Now let us look at factors beyond length of service and being a wartime president and how one could expect them to be viewed by future historians.
Bush’s reaction after the 9/11 attacks
Bush was calm and in control after the attacks, being careful not to add to the panic. The speech he gave at ground zero was reminiscent of Franklin Roosevelt‘s “Day of infamy” speech after Pearl Harbor. Bush’s “War on Terror” reframed the national purpose in the way that Kennedy’s “Moon Speech” did. Bush’s leadership in the months after 9/11 should certainly boost his rankings, as it would be hard for someone to honestly argue that greatness wasn’t on display.
Creation of the department of Homeland security
Not only do historians love it when presidents create new departments and reorganize the government, the Department of Homeland Security was largely successful in it’s purpose: stopping terror attacks before they happened. The United States didn’t suffer another major terrorist attack during the rest of Bush’s term.
Domestic Policy initiatives
Bush had two major domestic policy initiatives that one would expect historians to view in a positive light. The first was the expansion of Medicare to cover prescription drugs under the Medicare Prescription Drug, Improvement, and Modernization Act. Considering that almost every private healthcare insurance policy already covered prescriptions, it made sense to extend prescription coverage to senior citizens. The Medicare Part D plan that Bush passed is the type of major legislation that most historians champion, so it makes little sense that Bush garners little credit for its creation.
The next major piece of legislation was No Child Left Behind, which required states to set performance standards to ensure that children were being properly educated and not just passed through the system. Bush also increased education funding by over 80% after adjusting for inflation during his term to pay for implementation of the act. It only makes sense that if the government is going to spend large amounts of money on education that it would ensure that the money is being spent wisely.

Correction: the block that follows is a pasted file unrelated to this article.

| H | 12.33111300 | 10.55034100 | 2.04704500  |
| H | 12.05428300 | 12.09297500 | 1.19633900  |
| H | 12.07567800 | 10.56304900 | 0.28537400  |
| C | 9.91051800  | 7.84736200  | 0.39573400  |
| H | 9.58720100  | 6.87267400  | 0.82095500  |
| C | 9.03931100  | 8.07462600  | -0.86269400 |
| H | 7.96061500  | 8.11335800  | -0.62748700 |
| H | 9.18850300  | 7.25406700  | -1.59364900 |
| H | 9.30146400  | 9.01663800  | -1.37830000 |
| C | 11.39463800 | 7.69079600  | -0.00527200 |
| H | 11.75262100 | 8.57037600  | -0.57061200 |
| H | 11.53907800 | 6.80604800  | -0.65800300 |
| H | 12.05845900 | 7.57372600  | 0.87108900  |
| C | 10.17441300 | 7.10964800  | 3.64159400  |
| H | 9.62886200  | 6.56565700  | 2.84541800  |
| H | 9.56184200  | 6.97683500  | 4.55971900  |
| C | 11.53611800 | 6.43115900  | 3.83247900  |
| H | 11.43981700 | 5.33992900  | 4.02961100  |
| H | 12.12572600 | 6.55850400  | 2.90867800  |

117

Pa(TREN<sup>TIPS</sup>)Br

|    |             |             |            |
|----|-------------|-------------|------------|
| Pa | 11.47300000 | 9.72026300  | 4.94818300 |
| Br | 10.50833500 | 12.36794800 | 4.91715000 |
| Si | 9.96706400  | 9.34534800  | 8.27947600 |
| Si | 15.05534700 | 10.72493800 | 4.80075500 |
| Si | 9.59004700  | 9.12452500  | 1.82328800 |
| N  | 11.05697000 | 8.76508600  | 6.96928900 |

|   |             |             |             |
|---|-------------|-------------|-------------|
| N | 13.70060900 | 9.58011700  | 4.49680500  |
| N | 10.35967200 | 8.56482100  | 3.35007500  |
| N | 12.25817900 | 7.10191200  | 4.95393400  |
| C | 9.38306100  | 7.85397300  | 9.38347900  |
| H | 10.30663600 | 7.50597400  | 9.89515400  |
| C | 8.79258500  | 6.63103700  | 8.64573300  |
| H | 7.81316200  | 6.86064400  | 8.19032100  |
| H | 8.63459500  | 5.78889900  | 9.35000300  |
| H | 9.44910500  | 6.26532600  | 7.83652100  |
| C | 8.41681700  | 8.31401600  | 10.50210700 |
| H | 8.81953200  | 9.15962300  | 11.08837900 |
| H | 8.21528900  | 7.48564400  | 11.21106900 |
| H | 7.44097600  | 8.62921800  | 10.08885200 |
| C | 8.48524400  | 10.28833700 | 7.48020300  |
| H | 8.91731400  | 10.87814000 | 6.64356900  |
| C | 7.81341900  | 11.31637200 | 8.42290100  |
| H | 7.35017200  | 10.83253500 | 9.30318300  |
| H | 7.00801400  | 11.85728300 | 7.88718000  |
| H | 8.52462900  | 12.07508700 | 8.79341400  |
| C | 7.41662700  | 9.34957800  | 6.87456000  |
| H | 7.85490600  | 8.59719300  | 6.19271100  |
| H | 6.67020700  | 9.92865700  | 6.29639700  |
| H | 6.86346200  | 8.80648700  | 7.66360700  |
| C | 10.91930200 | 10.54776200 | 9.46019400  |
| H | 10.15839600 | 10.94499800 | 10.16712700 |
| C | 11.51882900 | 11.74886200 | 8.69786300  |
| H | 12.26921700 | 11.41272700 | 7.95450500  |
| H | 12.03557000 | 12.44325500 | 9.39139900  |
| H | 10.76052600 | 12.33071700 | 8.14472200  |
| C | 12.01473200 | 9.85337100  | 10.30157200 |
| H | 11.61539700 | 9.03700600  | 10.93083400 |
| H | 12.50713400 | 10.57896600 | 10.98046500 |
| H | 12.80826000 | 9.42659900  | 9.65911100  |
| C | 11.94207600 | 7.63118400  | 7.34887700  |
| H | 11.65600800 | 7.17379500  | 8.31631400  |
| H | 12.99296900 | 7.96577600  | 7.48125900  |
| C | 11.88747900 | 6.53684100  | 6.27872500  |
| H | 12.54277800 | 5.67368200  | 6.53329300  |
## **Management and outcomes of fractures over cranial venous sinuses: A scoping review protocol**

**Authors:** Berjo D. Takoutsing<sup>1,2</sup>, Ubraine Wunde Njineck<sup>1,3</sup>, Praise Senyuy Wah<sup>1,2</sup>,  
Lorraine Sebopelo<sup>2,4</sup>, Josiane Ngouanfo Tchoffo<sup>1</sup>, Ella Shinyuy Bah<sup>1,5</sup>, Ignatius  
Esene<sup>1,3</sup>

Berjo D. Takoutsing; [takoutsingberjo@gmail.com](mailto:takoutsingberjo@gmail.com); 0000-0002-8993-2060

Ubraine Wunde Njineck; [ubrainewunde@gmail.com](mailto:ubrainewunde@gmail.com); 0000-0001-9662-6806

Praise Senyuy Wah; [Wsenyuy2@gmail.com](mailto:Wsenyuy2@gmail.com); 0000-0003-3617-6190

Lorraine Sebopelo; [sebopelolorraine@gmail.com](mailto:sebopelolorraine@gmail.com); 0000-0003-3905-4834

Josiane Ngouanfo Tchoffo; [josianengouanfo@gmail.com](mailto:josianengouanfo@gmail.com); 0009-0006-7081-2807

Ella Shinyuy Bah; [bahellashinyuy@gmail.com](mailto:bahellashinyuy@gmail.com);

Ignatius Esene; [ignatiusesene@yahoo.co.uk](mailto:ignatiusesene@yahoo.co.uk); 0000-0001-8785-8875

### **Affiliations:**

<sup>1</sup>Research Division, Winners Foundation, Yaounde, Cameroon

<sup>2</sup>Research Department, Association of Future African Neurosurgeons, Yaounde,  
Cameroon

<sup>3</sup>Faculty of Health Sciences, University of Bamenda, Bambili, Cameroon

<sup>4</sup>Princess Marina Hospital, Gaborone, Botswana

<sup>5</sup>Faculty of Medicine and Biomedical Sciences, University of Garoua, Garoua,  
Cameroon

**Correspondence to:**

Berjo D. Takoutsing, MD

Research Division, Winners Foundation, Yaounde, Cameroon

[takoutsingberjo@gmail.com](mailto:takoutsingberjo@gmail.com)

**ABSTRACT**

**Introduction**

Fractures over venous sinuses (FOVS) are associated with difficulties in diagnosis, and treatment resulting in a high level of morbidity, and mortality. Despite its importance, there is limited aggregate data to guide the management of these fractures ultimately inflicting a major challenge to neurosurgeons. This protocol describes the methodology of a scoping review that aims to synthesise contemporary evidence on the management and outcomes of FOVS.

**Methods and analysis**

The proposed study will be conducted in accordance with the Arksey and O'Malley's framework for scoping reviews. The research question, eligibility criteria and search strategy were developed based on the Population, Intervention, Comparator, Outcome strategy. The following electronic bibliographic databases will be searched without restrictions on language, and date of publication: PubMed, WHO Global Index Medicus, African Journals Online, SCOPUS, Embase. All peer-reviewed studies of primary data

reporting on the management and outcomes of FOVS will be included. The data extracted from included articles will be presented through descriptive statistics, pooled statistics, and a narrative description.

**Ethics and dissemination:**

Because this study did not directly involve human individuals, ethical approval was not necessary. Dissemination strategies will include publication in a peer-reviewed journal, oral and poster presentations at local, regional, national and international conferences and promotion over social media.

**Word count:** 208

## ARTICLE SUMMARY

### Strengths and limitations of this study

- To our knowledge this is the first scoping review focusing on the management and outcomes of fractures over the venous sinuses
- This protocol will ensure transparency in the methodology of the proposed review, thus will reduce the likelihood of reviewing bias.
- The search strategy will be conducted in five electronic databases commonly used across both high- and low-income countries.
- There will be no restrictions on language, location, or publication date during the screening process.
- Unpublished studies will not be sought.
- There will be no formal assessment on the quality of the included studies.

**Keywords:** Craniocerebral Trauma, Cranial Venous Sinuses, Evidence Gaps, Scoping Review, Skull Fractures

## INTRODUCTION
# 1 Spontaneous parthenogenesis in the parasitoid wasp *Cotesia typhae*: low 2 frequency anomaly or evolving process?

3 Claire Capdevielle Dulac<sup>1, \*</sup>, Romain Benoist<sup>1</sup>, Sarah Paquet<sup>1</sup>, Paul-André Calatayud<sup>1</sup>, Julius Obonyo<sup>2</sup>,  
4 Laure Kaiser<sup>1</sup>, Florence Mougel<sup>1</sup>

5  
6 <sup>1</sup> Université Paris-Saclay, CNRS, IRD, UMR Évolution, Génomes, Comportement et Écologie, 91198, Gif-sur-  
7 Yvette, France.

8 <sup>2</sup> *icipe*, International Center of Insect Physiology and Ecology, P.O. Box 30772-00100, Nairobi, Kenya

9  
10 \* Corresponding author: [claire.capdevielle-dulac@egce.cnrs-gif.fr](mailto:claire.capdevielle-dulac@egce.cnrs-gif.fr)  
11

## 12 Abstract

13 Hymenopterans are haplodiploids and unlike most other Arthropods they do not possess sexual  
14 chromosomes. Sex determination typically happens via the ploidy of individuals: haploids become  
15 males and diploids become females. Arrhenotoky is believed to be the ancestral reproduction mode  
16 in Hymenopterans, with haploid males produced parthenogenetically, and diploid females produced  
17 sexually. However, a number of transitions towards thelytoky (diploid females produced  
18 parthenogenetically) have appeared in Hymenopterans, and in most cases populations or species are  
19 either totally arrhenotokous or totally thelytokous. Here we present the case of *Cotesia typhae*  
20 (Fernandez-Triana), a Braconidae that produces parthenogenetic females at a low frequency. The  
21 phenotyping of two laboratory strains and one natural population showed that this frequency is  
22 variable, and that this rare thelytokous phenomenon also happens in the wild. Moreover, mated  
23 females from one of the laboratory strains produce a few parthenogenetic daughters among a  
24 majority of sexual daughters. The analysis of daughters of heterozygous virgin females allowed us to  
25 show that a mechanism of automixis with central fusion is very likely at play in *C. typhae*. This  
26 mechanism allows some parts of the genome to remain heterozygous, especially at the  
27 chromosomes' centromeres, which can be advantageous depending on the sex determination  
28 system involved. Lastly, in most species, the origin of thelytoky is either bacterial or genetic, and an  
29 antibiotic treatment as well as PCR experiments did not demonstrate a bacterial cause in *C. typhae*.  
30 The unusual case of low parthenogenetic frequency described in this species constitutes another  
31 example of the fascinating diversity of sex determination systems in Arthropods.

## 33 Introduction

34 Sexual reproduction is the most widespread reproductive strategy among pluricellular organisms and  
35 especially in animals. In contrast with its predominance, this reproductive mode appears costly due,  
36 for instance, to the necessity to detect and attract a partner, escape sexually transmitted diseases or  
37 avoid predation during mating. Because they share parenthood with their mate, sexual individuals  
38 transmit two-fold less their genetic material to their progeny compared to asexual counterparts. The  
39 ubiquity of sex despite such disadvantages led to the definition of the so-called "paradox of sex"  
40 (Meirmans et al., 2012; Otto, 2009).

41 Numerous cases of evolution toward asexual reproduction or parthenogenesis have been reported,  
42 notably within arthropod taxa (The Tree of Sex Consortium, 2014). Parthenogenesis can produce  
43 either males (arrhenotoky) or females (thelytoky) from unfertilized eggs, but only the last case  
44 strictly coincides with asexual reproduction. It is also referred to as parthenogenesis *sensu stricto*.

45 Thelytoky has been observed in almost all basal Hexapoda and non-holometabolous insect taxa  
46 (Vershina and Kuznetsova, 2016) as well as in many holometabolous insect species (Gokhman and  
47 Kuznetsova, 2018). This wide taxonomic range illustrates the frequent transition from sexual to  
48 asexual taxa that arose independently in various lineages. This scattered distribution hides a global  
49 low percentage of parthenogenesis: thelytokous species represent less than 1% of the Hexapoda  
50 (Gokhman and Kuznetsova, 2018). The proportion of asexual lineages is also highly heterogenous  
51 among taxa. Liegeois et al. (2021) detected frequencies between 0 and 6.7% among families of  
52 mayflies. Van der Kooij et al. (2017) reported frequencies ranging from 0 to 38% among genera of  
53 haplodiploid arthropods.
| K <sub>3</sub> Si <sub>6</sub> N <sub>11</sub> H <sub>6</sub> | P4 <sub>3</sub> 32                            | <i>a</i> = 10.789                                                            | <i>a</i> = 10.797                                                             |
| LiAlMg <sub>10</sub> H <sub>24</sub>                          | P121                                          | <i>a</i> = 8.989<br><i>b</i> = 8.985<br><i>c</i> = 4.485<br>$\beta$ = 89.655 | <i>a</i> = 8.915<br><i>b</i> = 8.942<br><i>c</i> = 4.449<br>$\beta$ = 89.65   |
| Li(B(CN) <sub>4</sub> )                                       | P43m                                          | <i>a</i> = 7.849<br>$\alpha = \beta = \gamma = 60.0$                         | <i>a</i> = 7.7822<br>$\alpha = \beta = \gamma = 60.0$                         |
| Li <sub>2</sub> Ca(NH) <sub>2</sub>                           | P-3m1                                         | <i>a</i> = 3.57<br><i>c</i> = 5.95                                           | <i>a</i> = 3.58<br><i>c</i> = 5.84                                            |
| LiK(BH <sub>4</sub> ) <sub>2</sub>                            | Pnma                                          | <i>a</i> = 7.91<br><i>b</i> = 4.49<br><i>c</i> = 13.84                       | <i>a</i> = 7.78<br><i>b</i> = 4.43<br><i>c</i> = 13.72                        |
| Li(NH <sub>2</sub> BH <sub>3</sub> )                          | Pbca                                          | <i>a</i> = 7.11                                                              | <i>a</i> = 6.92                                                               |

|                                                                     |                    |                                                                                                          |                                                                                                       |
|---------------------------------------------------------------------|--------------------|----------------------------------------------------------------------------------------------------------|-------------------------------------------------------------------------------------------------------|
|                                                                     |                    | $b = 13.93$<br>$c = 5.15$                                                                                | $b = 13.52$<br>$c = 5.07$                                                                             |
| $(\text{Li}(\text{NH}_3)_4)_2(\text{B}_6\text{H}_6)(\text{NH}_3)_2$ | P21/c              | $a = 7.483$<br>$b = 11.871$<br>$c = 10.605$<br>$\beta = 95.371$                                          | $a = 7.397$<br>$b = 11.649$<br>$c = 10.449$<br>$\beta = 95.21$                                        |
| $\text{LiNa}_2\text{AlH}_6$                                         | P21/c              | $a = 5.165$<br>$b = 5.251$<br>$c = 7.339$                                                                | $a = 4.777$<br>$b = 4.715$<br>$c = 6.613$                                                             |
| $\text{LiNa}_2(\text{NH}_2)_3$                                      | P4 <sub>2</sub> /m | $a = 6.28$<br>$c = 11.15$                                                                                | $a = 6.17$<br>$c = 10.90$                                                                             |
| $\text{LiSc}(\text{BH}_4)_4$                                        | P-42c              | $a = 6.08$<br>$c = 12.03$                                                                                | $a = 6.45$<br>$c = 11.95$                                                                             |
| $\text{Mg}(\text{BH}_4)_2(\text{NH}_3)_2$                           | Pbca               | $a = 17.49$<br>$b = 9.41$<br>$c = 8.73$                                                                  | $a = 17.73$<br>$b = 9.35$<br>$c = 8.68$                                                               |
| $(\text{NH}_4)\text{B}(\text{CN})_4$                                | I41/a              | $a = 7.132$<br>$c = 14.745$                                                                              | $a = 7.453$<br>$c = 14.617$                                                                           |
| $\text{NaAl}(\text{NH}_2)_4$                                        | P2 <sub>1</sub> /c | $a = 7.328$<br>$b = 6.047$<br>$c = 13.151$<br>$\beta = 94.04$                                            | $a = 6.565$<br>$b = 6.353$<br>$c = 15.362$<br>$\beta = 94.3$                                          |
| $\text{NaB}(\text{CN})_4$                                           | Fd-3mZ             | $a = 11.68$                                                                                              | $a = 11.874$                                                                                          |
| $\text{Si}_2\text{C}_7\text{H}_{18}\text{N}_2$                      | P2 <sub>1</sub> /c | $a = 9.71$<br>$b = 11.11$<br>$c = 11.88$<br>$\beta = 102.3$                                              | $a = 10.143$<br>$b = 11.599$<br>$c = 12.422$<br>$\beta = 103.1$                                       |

The Global AIDS initiative
In his 2003 State of the Union address Bush announced the President’s Emergency Plan For AIDS Relief (PEPFAR), which was created to address the global AIDS epidemic. Launched in in 2003, PEPFAR has provided more than $80 billion in cumulative funding for HIV/AIDS treatment, prevention, and research since its inception. PEPFAR was initially targeted in African countries with high rates of infection. The AIDS epidemic has been stabilized in Southern and East Africa, where life expectancy has been rising, reversing a trend where it had been dropping in the 1980s and 1990s.
Looking at everything together, I believe that Bush’s rankings will continue to improve in the future. His domestic policy programs should serve to bolster his ratings, as should the PEPFAR initiative. Few would argue that the Afghanistan War was the wrong war, but some will argue against the Iraq War. Whereas it is true that Iraq didn’t aid Al-Qaeda, Saddam Hussein did support international terrorism, and the Iraq War was saw as part of the larger War on Terrorism. One could certainly argue that the Iraq War was far more justified than Korea, Vietnam or World War I. The only other thing Bush really has going against him is that Democrats tend to rate higher than Republicans, but that can be overcome, as evidenced by Eisenhower and Reagan. Bush will likely be boosted by the Presidency of Donald Trump, as historians have a new man to focus their anger against. So where do I expect Historians to eventually rate Bush? My best guess would be somewhere between 12th and 18th. As far as the upcoming rankings that are just around the corner? Probably somewhere between 25th and 30th.